HINRICHS: Rutgers should support freedom of speech, not abridge it
Opinions Column: Unveiling the Truth
When a nation formed on protest begins to unravel the seams that tie its values together, its founding pillars begin to crumble under the weight of its evils. We have moved too far from our revolutionary tradition, from our abolitionist tradition and from the realities of the suffering among people. In doing so, we have begun to consider mild acts and transgressions of law and order against existing evils as indefensible crimes against society. This path of condemning protest and constricting civil disobedience leads us astray, away from our democratic and American values.
One of the most fundamental documents in American history, the Declaration of Independence, has "protest" written into its skeleton. When the government’s laws become too oppressive, and our lives and liberties are infringed upon, those laws must be addressed through debate, protest and the masses. The Declaration of Independence asserted that no government is sacred and that government is built by the people for the people.
When government fails to defend life, liberty and the pursuit of happiness and when a government begins to oppress the people, actions must be taken to address and abolish the institutionally eroded system.
However, it must be noted that when the Declaration of Independence fueled revolution and the revolution fueled the forming of a new government, all people were neither free nor equal. Thus revolution, dissent and disobedience had to and has to continue in order to bring about true equality then and now.
The Boston Tea Party, the suffragette movement, the labor movement, the civil rights movement led by Martin Luther King Jr. and many others, student sit-ins against the Vietnam War, the Occupy movement, and the Black Lives Matter movement are all instances in which civil disobedience was and is used as an important mechanism for social change.
Immense opposition from the proponents of an unjust status quo has often met acts of civil disobedience and peaceful protest throughout the discourse of American history. Today, as protest is continually needed in our progressing democratic society, those in favor of the current status and regression to old ways have begun measures and movements to remove cogs in the machine of social improvement.
There is a growing trend to attack the right of peaceful protest by proposing and enacting anti-protest bills that prevent the voices of outrage and activism to be heard. According to the American Civil Liberties Union, more than 30 bills from 20 states have been either introduced or passed into law that criminalize peaceful protest and constrain the right to state grievances.
Specifically, the protests in opposition to President Donald J. Trump’s unconstitutional and inhumane Muslim ban, the construction of the Dakota Access Pipeline, and the death of Philando Castile and police brutality in a systematically racist judicial system are all examples of protests that directly lead to Republican legislators proposing bills to constrain freedom of speech.
For example, according to the ACLU, North Dakota legislators introduced multiple bills that allow drivers to drive through and hit protesters obstructing a road, make wearing a mask at a demonstration or in any public forum a punishable offense and allow protesters to be sentenced with up to 30 days in prison at private prison facilities.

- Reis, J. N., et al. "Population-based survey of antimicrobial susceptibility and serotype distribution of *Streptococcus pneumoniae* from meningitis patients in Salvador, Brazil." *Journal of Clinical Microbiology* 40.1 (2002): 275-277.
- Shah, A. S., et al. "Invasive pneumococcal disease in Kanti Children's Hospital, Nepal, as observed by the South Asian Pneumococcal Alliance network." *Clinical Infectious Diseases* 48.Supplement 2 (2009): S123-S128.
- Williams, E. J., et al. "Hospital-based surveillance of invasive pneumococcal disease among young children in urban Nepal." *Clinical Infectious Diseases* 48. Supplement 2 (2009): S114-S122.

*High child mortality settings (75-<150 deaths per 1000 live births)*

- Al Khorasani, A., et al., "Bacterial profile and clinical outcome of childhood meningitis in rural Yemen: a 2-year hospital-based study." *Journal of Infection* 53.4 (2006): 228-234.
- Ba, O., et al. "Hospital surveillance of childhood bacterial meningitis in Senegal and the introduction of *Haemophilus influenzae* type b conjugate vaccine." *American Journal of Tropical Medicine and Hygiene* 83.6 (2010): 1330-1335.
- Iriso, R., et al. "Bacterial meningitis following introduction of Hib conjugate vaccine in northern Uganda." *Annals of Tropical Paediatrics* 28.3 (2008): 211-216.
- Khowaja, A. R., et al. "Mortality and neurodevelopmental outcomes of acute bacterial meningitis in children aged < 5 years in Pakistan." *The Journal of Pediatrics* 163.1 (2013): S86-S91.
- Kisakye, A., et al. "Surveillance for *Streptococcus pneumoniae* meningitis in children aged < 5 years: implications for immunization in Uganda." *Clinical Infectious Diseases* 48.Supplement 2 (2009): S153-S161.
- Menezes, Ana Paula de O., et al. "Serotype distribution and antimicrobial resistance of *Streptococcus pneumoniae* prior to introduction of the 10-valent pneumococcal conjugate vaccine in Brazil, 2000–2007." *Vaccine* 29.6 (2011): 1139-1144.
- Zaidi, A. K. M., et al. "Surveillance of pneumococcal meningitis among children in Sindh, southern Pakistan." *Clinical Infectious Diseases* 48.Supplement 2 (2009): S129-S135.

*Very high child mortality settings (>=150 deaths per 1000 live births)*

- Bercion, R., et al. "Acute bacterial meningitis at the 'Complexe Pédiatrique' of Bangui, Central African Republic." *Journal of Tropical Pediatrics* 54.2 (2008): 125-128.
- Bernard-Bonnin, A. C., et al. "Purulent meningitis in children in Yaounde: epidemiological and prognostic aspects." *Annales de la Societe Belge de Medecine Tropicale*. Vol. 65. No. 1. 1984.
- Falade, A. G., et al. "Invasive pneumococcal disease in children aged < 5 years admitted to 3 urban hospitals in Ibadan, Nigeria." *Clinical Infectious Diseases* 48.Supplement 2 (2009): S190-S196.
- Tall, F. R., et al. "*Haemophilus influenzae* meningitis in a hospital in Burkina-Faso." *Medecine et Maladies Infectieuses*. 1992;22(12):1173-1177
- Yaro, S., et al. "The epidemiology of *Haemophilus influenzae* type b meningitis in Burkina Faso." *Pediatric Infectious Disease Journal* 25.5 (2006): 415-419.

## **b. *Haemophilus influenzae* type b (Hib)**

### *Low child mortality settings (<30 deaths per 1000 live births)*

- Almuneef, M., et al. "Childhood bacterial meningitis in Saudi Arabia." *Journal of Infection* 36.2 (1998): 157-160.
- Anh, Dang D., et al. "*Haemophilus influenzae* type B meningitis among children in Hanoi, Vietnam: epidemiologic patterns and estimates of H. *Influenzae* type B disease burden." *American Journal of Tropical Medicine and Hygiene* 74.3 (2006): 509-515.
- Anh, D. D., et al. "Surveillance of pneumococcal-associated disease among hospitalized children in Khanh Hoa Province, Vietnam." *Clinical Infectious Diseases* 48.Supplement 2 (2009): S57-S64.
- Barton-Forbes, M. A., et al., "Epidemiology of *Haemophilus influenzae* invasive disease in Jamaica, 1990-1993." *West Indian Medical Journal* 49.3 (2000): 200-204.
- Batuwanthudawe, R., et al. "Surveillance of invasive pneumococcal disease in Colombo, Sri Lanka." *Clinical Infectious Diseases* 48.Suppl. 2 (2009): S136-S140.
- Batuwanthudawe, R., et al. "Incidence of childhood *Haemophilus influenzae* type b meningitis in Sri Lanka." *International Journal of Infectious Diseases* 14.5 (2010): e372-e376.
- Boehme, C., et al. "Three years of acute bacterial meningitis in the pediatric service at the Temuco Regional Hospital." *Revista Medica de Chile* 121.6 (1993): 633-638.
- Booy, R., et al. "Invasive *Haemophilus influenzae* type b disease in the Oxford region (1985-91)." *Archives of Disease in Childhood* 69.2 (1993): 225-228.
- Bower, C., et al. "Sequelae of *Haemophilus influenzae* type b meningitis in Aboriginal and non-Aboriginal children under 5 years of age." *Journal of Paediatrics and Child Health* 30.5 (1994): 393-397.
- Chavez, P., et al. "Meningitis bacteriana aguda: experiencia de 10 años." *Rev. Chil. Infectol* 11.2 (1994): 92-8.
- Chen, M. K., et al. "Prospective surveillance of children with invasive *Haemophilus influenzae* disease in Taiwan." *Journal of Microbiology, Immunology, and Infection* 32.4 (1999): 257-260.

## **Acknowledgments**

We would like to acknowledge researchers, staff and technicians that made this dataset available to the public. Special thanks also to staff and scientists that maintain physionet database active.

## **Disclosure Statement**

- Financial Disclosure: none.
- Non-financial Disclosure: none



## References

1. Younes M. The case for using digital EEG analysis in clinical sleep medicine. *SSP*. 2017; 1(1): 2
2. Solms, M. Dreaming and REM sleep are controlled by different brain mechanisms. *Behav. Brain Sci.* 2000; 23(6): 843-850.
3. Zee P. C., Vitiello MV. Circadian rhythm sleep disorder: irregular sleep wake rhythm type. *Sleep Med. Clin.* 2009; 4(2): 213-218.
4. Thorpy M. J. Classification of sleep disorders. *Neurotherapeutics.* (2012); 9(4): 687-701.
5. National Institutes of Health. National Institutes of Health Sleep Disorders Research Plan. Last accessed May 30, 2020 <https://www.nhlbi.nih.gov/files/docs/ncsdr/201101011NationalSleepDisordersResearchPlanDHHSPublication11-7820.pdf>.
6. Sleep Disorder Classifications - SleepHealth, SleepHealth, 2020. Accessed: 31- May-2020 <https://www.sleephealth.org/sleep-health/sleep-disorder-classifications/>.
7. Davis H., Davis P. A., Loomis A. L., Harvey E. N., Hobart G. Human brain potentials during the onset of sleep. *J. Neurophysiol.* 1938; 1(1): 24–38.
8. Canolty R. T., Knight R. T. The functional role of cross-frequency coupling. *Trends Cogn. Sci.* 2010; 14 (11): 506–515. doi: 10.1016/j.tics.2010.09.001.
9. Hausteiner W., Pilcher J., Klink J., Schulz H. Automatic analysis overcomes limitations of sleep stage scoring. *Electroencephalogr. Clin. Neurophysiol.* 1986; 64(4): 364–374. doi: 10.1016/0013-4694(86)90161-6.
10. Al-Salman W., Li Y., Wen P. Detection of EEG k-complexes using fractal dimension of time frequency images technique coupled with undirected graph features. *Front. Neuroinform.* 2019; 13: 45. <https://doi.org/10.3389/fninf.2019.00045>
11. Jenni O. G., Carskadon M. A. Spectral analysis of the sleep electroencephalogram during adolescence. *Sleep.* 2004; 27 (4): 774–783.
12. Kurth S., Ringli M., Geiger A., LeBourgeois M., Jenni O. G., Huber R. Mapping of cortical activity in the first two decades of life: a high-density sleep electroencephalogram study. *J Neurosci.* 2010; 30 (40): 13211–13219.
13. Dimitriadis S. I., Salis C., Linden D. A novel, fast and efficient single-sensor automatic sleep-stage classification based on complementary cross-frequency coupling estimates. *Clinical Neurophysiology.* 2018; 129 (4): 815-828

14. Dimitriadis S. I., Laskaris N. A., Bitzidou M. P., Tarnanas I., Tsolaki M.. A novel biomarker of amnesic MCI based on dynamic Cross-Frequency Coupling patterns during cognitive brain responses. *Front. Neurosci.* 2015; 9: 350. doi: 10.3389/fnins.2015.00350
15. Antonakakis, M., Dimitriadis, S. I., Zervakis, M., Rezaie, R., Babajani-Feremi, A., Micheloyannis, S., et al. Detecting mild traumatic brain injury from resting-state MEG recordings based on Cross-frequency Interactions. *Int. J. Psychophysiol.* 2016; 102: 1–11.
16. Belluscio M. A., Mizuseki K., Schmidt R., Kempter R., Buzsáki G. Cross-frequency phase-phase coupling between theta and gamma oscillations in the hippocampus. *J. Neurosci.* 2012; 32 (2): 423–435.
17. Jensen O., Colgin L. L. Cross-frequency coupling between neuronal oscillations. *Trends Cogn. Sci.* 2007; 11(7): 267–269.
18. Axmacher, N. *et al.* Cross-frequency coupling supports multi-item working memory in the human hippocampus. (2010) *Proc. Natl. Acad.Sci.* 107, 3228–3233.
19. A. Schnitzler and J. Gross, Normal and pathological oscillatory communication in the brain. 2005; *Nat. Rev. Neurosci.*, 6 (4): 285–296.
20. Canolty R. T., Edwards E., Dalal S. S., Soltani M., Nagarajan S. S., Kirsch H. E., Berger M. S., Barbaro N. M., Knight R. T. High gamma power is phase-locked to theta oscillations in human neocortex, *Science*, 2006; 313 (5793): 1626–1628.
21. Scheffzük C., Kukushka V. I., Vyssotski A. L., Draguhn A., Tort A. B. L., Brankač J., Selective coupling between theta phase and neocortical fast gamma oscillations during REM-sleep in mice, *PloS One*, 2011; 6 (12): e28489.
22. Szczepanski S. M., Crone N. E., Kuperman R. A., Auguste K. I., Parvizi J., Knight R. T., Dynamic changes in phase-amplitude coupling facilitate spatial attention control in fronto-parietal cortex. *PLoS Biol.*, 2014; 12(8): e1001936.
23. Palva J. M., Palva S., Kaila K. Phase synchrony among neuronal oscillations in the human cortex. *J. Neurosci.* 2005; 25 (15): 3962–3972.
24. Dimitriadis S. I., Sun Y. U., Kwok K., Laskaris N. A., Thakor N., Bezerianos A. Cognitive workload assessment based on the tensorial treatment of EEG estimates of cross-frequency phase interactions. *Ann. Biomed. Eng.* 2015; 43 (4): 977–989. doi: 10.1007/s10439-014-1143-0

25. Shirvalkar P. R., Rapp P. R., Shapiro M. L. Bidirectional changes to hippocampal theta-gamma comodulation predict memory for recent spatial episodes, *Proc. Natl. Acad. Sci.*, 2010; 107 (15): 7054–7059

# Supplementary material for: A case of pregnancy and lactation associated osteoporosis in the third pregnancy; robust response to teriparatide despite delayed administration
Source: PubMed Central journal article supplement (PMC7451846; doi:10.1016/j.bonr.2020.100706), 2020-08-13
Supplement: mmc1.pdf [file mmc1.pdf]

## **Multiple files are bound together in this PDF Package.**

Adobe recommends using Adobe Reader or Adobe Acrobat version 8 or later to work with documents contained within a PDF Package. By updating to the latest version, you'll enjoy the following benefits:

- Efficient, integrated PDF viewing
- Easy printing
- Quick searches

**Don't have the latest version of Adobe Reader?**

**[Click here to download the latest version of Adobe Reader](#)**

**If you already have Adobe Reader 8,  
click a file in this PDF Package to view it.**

These shameful bills have gained international condemnation. Representatives from the Office of United Nations Office of the High Commissioner for Human Rights (OHCHR) published a statement expressing grave concern for American and international values, which conflict with the bills. It said, “The bills, if enacted into law, would severely infringe upon the exercise of the rights to freedom of expression and freedom of peaceful assembly in ways that are incompatible with U.S. obligations under international human rights law and with First Amendment protections. The trend also threatens to jeopardize one of the United States’ constitutional pillars: free speech.”
Peaceful protests in which people come together to state their grievances and dissent, hoping to change an injustice in society must be celebrated in our representative democracy and not met with laws that chain our freedoms.
Disgracefully, many of these bills are built on the same reasoning and contain the same details as Rutgers University’s new protest policy. Both the change in policy and change in laws come under the false flag of community betterment, a misleading deception in which freedoms that cultivate greater unity, understanding and growth within a community are stolen from the people in the name of safety and civility. The new policy specifically prohibits student protests in private offices and meeting areas, as reported by The Daily Targum, making it harder for the voices of students to be heard atop the ivory tower of Rutgers.
Do not forget the sit-ins in college presidents’ offices which led to the desegregation of universities and campuses. Do not forget the social improvement reached for by the Student Nonviolent Coordinating Committee. When voices are not heard, peaceful actions will be listened to. Rutgers best serves its student body by not abridging their freedom of speech and freedom of expression, but by supporting them. The new policy of Rutgers is an injustice to the history of hard fought social progress by students and the youth. This policy that constrains calls of progress cannot remain as the natural tide of change will either have the originator remove the policy or have the originator watch it be washed away.
Luke Hinrichs is a School of Arts and Sciences first-year majoring in political science and economics. His column “Unveiling the Truth“ runs on alternate Wednesdays.
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